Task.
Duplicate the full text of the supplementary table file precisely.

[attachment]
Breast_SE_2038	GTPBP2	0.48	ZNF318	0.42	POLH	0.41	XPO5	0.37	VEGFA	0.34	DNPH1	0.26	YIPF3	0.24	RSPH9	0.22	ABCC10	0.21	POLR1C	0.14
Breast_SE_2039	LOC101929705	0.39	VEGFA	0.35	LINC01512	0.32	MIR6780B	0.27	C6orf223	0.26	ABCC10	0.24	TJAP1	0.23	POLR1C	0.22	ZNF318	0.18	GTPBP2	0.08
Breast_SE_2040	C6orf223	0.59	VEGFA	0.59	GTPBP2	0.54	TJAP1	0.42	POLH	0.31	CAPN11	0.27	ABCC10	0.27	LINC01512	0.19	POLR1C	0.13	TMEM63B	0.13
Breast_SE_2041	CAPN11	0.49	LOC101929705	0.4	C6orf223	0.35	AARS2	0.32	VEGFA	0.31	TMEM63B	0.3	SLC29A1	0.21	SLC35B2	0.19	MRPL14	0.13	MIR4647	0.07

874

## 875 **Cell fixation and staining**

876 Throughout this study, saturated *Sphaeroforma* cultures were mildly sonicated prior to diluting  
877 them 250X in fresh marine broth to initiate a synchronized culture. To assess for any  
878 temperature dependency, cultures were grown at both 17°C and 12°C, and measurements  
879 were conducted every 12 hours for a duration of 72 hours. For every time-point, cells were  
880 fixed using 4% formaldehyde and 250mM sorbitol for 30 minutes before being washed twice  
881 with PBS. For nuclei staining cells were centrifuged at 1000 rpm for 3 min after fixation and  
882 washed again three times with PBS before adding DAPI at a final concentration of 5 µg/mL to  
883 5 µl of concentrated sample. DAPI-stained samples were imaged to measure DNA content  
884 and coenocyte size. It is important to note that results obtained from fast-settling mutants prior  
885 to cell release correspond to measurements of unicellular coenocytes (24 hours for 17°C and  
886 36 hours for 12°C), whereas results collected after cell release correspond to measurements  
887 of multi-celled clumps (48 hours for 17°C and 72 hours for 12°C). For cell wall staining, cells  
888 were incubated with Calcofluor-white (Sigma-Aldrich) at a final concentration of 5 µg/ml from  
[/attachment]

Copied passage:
Breast_SE_2038	GTPBP2	0.48	ZNF318	0.42	POLH	0.41	XPO5	0.37	VEGFA	0.34	DNPH1	0.26	YIPF3	0.24	RSPH9	0.22	ABCC10	0.21	POLR1C	0.14
Breast_SE_2039	LOC101929705	0.39	VEGFA	0.35	LINC01512	0.32	MIR6780B	0.27	C6orf223	0.26	ABCC10	0.24	TJAP1	0.23	POLR1C	0.22	ZNF318	0.18	GTPBP2	0.08
Breast_SE_2040	C6orf223	0.59	VEGFA	0.59	GTPBP2	0.54	TJAP1	0.42	POLH	0.31	CAPN11	0.27	ABCC10	0.27	LINC01512	0.19	POLR1C	0.13	TMEM63B	0.13
Breast_SE_2041	CAPN11	0.49	LOC101929705	0.4	C6orf223	0.35	AARS2	0.32	VEGFA	0.31	TMEM63B	0.3	SLC29A1	0.21	SLC35B2	0.19	MRPL14	0.13	MIR4647	0.07

874

## 875 **Cell fixation and staining**

876 Throughout this study, saturated *Sphaeroforma* cultures were mildly sonicated prior to diluting  
877 them 250X in fresh marine broth to initiate a synchronized culture. To assess for any  
878 temperature dependency, cultures were grown at both 17°C and 12°C, and measurements  
879 were conducted every 12 hours for a duration of 72 hours. For every time-point, cells were  
880 fixed using 4% formaldehyde and 250mM sorbitol for 30 minutes before being washed twice  
881 with PBS. For nuclei staining cells were centrifuged at 1000 rpm for 3 min after fixation and  
882 washed again three times with PBS before adding DAPI at a final concentration of 5 µg/mL to  
883 5 µl of concentrated sample. DAPI-stained samples were imaged to measure DNA content  
884 and coenocyte size. It is important to note that results obtained from fast-settling mutants prior  
885 to cell release correspond to measurements of unicellular coenocytes (24 hours for 17°C and  
886 36 hours for 12°C), whereas results collected after cell release correspond to measurements  
887 of multi-celled clumps (48 hours for 17°C and 72 hours for 12°C). For cell wall staining, cells  
888 were incubated with Calcofluor-white (Sigma-Aldrich) at a final concentration of 5 µg/ml from  